3 Surprising AI-Powered Insights About Gillette’s Controversial Ad

Close shave - but polarisation of young vs old a good way to ensure brand stays relevant

Preachy and patronising? Empowering and inspiring? Whatever your opinion of Gillette’s new ad “Believe”, what’s certain is it’s a campaign that has got people talking.

The advert, directed by Kim Gehrig, from UK production company Somesuch, who also directed the much-heralded 2015 campaign This Girl Can for Sport England, plays on the razor’s company’s famous slogan "The best a man can get", replacing it with "The best men can be".

An ad for the #metoo age, it asks, "Is this the best a man can get?" before showing scenes of sexism, bullying, sexual harassment and male aggression. The 1.44-minute short film from the P&G brand, which is targeted at the US market, also shows more positive behaviour from men and how they can help prevent situations getting out of hand.  

The campaign has attracted a very wide range of views, running from lavish praise for its take on toxic masculinity and what it means to be a modern man to outright condemnation and even threats of brand boycotts. One of the most strident critics has been TV presenter Piers Morgan, who called it a “pathetic global assault on masculinity”.

One commentator on Twitter said: "In less than two minutes you managed to alienate your biggest sales group for your products. Well done."

We decided to look beyond the headlines and angry soundbites and delve a little deeper using our face-reading EmotionAI tech. We showed the ad to GenPop audiences in the US and the UK, measuring their emotional reactions and attention levels throughout. We also asked viewers to record their thoughts on the ad and the brand using our Sentiment Analysis feature, which uses AI to analyse the words and tone of the comments to measure the overall sentiment towards the content.


3 Key Findings


1. Push 'n' Pull Between Negative And Positive Emotions

The narrative creates a natural tension between emotions, hence the social buzz. The push and pull between positive and negative emotions shows how the audience is gripped and contemplative, not passively watching – they're compelled.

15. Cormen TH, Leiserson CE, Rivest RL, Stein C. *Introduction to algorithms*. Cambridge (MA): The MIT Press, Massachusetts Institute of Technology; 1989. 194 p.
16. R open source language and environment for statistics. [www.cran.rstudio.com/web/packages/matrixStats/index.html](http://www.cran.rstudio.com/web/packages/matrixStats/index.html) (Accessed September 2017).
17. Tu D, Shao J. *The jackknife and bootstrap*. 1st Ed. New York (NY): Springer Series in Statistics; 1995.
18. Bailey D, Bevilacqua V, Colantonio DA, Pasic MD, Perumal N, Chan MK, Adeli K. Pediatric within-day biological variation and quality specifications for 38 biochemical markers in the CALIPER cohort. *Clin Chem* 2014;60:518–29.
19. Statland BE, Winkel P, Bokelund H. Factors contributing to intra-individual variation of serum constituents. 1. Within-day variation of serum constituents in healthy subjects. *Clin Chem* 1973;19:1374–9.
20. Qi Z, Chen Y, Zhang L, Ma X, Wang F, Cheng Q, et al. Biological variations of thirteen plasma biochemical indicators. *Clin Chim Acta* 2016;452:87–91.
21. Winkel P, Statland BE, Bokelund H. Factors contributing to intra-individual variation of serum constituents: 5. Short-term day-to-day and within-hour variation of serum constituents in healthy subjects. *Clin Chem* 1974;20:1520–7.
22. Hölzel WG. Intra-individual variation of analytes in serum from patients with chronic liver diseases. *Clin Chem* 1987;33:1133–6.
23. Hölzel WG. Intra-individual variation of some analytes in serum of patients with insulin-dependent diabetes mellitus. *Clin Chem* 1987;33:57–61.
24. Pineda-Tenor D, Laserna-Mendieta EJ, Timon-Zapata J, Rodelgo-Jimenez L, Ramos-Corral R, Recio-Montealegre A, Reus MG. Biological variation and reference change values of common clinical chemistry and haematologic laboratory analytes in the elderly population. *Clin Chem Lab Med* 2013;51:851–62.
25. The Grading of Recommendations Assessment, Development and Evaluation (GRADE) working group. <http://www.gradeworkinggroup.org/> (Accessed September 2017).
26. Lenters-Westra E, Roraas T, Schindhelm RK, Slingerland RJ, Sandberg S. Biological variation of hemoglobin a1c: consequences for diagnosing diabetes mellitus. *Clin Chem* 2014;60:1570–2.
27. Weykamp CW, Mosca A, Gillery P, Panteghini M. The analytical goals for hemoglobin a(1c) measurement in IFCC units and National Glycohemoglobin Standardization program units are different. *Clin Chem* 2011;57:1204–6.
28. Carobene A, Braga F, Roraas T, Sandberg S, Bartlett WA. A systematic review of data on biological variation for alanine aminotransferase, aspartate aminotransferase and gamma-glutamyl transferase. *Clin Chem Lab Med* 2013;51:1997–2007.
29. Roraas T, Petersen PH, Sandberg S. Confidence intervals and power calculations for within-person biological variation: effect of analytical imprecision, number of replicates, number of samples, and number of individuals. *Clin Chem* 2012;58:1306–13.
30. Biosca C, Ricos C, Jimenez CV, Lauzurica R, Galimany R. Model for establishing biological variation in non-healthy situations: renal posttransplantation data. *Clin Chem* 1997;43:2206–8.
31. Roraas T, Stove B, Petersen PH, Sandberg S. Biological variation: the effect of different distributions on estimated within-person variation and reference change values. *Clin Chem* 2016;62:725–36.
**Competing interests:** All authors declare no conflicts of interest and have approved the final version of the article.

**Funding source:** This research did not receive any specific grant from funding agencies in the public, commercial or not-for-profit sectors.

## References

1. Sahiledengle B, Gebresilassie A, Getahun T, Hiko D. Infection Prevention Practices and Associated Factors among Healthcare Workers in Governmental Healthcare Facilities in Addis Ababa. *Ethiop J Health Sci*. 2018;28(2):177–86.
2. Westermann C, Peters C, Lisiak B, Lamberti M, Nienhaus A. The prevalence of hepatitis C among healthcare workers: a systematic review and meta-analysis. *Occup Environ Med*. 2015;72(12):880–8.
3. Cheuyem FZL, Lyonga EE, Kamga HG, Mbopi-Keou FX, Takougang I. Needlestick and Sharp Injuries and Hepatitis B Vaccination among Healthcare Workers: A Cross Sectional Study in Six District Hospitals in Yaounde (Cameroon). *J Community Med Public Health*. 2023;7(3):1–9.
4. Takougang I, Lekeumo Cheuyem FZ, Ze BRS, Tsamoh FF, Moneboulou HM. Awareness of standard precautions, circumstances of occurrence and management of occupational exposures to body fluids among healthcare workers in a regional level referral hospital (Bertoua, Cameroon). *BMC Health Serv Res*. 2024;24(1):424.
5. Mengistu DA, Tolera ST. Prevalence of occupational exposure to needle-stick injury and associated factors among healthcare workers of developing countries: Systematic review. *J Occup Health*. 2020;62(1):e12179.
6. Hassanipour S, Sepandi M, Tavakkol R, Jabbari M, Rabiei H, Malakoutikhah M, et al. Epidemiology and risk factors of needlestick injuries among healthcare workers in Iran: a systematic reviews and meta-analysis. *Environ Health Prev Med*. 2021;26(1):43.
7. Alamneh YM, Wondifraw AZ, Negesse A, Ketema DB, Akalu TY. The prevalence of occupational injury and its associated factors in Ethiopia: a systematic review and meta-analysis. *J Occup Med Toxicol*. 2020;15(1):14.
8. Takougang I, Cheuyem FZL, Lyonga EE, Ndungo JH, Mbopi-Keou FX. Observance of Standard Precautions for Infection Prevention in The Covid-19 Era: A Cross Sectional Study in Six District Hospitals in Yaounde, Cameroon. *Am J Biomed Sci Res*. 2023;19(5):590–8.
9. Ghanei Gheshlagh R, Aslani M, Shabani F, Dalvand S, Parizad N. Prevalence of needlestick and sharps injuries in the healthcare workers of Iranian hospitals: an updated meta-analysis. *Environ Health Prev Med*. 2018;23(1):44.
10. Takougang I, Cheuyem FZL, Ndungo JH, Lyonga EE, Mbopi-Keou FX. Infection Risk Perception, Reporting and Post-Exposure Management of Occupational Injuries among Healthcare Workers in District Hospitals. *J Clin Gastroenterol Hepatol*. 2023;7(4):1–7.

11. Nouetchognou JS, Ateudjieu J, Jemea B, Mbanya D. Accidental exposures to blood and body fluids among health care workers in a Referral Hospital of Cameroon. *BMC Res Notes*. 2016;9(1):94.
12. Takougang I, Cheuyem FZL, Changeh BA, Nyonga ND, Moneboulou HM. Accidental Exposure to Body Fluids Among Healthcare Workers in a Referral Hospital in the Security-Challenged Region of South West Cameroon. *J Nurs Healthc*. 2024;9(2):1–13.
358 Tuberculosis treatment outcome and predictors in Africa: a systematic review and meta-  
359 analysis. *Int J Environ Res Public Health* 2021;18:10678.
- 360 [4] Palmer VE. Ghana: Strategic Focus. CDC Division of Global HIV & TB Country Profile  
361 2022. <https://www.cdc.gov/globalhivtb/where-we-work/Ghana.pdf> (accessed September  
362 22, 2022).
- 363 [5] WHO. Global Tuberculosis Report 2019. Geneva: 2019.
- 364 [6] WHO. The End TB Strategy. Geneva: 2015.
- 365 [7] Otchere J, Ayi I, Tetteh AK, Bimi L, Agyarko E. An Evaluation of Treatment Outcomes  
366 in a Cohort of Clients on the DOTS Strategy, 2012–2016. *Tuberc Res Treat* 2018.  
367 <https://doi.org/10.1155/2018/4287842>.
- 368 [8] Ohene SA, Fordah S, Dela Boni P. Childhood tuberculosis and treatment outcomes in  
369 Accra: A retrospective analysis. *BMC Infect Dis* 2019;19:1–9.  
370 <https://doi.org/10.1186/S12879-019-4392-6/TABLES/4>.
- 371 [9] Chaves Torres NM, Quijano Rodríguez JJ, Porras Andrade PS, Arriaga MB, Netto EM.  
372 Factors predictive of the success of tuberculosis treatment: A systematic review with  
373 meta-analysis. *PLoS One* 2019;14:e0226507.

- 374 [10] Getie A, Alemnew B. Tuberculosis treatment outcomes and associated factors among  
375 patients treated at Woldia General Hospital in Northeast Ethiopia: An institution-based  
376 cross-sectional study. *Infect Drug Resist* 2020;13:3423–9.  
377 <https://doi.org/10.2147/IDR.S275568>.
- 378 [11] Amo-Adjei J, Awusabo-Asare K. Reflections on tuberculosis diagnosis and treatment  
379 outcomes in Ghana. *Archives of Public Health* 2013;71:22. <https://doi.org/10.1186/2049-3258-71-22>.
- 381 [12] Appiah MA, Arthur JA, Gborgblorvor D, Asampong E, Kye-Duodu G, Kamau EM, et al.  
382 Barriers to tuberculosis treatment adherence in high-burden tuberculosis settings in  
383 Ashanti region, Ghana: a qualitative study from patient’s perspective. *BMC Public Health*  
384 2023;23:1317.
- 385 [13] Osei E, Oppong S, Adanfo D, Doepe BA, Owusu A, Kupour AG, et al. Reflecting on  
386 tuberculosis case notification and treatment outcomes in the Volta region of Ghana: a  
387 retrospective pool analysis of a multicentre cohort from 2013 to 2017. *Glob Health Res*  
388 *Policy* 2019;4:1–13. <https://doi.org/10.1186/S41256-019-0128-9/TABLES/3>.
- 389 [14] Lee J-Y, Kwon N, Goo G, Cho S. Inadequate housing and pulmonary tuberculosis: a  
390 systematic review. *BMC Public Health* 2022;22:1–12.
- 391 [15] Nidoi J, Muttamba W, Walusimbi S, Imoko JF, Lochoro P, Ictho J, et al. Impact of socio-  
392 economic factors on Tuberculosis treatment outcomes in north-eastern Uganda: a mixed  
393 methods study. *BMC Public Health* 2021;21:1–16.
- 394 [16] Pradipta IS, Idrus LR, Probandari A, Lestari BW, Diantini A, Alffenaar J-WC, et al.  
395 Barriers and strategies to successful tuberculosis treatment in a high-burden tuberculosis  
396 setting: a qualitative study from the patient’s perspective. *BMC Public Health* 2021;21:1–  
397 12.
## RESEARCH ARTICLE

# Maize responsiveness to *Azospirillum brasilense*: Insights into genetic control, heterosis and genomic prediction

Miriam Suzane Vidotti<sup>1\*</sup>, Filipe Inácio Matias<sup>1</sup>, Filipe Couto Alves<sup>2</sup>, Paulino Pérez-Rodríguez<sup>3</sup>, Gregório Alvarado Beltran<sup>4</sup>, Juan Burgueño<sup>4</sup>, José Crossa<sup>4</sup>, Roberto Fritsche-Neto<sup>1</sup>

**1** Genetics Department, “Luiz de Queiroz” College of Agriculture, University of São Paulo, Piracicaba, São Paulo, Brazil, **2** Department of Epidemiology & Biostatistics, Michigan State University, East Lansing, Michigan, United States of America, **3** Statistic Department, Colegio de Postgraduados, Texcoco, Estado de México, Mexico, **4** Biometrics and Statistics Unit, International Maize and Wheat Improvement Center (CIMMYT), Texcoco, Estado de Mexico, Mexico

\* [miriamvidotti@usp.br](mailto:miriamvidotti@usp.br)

"Very thought-provoking and almost brought a tear to my eye. It conveys such a strong message that you could not fail to forget the advert."

"Didn't like it at all and too personal. Is nothing sacred any more? So sick of this sort of thing being pushed down our throats and even sicker now on the TV and ads. This isn't right at all!!"



2. Younger Audience Are Happier - With Less Negativity  

Younger audiences responded well to the ad, showing more positive emotions throughout the ad compared to older segments.

Our AI tech detected much higher levels of happiness among younger audiences, while the comments left were a lot more positive towards the brand than older generations (see charts below).




 Positive Sentiment                          


















Under 30yrs      





30 to 49 yrs        





50+   0.29  Norm_dn       




3. Women Paying More Attention

The ad unsurprisingly elicited very different emotions from men and women. For example, moments such as when the narrator says, “Because we, we believe the best in men” results in a rise in male attention and a fall in female attention.

Meanwhile, we see the reverse when the narrator says “...to act in the right way” during the scene showing a man preventing another from being overtly sexist.  Generally, the overarching theme of men behaving badly results in higher Attention Volume and Attention Quality with the female audiences.

"I love it! It was so inspirational and watching the video even as a woman made me have more understanding in how men should act. Really nice move."



The results also show that men were more engaged in the first half of the ad. But that position then switches, with women more engaged in the latter half of the creative.

When the former NFL player, actor and activist Terry Crews says, “Men need to hold other men accountable”, male engagement dips significantly. Meanwhile, the mobile phone footage of the father teaching his daughter to believe “I am strong” sends engagement among women on a climbing trajectory.





Gillette, as a leading male grooming brand, needs to appeal to the next generation. Clearly a controversial ad, this piece provokes a strong reaction from its audience. You either love it or hate it. There's no middle ground. 

This initial media backlash is reminiscent of Wieden + Kennedy’s Nike ad featuring Colin Kaepernick, which also had societal values and attitudes at the heart of its message. It suffered negative press coverage initially, featuring the tweets of people burning their shoes and cutting the Nike swoosh out of their socks - and yet its brand purpose won out.

Repercussions on social channels are no longer feared as they once were, in fact they're par for the course.

A brand spearheading such topics may be risky, but these are good conversations for brands to be involved in. Especially when they need to be in a leadership position. Sometimes it takes balls to be the better man.

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